The First Trailer for Natalie Portman's Jewish Period Drama Is Here – Kveller
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The First Trailer for Natalie Portman’s Jewish Period Drama Is Here

The actress plays a disgruntled Jewish housewife turned journalist in the first trailer of the Apple TV+ show "Lady in the Lake."

ladyinthelake

via Apple TV+

The first trailer for “Lady in the Lake,” Natalie Portman’s 1960s period thriller directed by the award-winning Israeli filmmaker Alma Har’el, is here, and it looks stunning.

Moses Ingram’s Cleo Sherwood posthumously narrates the majority of the trailer. She addresses her words to Portman’s character, Madeline “Maddie” Schwartz, a Jewish housewife turned reporter who’s attempting to solve the mystery of Cleo’s murder, a murder which made her known only as the “lady in the lake.” Cleo also narrates the opening of the novel of the same name, written by Laura Lippman, who was inspired by the underreported 1969 deaths of an 11-year-old Jewish girl — Esther Lebowitz — and a 33-year-old Black woman — Shirley Parker — to write her evocative commentary about gender, race and ambition.

“I bet people told you you looked like Jackie Kennedy,” Cleo muses in the first chapter of “Lady in the Lake” of her first meeting of Maddie. Portman, who starred as the former first lady in “Jackie,” instantly feels like the perfect choice for this role, though perhaps more importantly, she breathes Jewish authenticity into the series. In the book, we are introduced the Maddie at the end of the High Holidays as her husband, Milton, surprises the weary homemaker with yet another dinner she has to host for an honored guest.

Portman and Ingram are both captivating in the trailer, where they echo each other in dress, mannerisms and in their dreams. We see Maddie as a housewife, her hair and makeup done up, a colorful apron covering her canary yellow outfit, holding a plate of deviled eggs. A wallpaper of a painted forest adorns her living room; she vacuums the floor with a corded vacuum. Her husband, played by Jewish actor Brett Gelman, sips a drink and watches her. “I can’t just be someone’s wife,” Maddie complains in the trailer, to which Milton responds, “You never wanted to do anything else.” But Maddie argues back, her voice angry and tearful, her body shaking with frustration and fury: “I never tried to do anything else, did you ever wonder why?”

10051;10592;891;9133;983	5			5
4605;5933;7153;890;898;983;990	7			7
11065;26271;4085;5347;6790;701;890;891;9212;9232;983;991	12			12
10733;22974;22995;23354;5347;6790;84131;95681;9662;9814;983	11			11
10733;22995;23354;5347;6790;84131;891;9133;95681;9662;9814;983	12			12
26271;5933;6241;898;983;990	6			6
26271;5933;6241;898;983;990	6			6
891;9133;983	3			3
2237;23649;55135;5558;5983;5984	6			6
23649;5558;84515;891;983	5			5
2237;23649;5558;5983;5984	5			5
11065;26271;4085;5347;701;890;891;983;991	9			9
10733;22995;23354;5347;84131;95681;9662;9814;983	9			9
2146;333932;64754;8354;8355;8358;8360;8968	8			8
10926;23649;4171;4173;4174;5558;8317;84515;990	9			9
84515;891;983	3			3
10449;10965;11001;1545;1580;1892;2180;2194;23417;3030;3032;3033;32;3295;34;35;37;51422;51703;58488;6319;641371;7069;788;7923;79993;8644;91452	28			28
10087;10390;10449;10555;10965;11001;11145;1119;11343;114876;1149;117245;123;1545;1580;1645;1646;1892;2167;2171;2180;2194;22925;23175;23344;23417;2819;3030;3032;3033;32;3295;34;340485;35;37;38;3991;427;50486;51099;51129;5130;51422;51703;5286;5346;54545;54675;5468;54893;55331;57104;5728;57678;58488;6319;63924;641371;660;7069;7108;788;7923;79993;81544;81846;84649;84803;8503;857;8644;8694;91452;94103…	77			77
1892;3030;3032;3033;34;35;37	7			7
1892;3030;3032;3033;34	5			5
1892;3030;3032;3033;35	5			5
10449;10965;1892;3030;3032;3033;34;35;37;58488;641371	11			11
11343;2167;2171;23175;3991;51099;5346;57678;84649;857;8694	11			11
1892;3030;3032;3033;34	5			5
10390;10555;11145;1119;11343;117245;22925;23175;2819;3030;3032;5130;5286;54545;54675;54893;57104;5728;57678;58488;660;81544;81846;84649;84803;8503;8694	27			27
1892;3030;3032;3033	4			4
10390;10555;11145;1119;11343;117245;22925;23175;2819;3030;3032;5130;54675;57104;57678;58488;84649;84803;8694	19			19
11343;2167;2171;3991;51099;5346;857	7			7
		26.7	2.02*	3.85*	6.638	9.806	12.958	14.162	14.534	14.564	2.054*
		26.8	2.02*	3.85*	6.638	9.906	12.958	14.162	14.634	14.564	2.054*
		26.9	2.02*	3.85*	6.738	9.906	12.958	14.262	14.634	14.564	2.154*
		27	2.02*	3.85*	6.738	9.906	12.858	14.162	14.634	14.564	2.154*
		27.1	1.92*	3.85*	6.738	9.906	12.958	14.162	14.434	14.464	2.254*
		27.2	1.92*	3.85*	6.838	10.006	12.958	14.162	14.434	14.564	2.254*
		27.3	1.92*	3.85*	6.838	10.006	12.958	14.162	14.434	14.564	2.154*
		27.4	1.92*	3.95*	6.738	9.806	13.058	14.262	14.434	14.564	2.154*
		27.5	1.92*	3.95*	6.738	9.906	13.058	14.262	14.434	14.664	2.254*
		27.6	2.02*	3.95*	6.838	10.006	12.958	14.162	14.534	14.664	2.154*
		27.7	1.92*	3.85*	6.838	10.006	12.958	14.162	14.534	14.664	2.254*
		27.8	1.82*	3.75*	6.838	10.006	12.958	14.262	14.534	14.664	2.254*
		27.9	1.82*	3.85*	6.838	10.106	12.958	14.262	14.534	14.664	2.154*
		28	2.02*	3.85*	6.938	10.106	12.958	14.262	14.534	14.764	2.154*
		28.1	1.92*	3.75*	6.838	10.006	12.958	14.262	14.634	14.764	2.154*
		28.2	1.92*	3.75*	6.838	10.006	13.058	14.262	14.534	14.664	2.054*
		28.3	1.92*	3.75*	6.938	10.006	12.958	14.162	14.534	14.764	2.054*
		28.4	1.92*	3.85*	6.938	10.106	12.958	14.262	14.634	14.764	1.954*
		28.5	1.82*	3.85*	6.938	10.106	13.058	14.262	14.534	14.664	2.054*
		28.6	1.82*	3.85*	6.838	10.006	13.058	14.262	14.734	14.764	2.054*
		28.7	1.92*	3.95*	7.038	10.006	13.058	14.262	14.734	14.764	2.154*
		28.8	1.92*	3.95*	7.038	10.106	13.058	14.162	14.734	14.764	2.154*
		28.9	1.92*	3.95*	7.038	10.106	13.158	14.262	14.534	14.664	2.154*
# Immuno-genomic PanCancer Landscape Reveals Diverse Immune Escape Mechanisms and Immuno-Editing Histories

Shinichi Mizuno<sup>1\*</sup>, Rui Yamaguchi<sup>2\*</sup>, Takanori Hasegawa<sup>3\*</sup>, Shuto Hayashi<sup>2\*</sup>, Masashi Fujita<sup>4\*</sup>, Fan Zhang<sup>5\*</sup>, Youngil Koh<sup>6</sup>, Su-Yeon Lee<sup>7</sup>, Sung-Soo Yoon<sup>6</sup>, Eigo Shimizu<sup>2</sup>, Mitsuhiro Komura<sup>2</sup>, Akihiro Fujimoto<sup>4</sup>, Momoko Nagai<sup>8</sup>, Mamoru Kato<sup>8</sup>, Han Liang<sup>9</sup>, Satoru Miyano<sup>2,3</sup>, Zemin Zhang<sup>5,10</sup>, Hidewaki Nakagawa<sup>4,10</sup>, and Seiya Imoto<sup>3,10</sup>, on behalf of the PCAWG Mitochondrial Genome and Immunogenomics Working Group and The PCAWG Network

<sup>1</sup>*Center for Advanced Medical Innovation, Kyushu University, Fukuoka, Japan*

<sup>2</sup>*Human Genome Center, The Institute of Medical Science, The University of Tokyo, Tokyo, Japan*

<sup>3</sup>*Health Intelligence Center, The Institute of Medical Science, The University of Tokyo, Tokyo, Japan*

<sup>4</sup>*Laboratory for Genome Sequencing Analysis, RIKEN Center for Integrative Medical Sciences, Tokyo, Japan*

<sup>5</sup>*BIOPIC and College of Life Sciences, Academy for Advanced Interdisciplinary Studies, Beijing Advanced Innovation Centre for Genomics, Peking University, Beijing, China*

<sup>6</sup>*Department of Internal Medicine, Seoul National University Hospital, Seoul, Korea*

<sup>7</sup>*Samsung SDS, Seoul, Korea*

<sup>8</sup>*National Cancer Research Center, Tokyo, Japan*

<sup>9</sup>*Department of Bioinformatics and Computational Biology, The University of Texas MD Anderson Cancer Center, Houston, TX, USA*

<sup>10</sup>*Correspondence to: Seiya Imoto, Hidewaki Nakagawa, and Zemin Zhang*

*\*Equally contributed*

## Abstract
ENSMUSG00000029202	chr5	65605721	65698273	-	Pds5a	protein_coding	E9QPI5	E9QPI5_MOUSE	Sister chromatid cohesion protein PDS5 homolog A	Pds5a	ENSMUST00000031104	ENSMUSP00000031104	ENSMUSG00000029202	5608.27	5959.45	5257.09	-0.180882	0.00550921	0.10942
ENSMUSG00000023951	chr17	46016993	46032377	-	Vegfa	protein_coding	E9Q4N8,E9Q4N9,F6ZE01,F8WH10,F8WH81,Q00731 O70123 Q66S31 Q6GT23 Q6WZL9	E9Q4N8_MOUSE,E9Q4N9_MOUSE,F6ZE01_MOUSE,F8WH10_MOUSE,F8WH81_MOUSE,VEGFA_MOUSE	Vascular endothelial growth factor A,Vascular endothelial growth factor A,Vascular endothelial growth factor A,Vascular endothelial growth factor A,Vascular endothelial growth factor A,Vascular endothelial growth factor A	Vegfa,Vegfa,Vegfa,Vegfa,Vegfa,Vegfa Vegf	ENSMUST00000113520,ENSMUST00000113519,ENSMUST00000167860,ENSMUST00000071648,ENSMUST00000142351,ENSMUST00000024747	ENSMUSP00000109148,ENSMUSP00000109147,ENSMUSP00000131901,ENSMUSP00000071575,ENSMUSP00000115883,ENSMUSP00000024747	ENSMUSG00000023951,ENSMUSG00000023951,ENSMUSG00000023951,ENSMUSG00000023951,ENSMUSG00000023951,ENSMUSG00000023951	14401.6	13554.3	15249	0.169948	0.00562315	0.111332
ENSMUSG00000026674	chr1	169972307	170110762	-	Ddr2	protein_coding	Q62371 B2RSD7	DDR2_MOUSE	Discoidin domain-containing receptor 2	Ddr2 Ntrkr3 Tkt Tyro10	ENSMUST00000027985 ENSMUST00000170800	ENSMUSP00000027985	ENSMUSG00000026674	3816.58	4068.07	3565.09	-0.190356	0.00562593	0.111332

Maddie then leaves her home with boxes, parting from her teen son, and we see her later in an apartment full of papers where she is investigating Cleo’s murder. We later see her kissing a lover, Officer Ferdie Platt, played by the dreamy Y’lan Noel, who helps her with her quest, but also warns her: “This is not your high school newspaper, Maddie. People’s lives are at stake.”

“Your writing dreams ruined your life,” Cleo says in the trailer. “Now you wanted those same dreams to rewrite it… but why did you need to drag my dead body into it?” Her voice tinged with anger, she surmises, “You wanted to tell everyone’s story but your own.”

We also see Cleo in the trailer talking about her dreams, surrounded by piles of money. “Dreams will push you down until you drown,” she says, darkly prophetic. Her husband, Slappy, comments, “My wife was a lot of things, but there’s one thing that she’s not, foolish.”

There’s not much Jewish representation in these clips, though we do see a Jewish funeral service where men with kippahs carry a plain pine box. In another scene, Portman’s character wears a wool coat with a Jewish star embroidered on it, the same patches Jews wore in the Holocaust. This trailer is generally full of dark and visually stunning intrigue, as is Har’el’s trademark, with masks, sultry club scenes, Ingram and Portman dancing in skimpy outfits, a man dressed as Santa on fire, fishbowls, ghosts and terrifying mannequins. WE see all this as the song “The Impossible Dream” from the 1965 musical “Don Quixote” plays in the background, another perfect choice for this tale — a song about chasing dreams, sung by Frank Sinatra and Luther Vandross, as well as by Aretha Franklin at the funeral of Rosa Parks.

“Lady in the Lake” premieres on Apple TV+ on July 19, and we truly can’t wait for this dense and entrancing show to be out.

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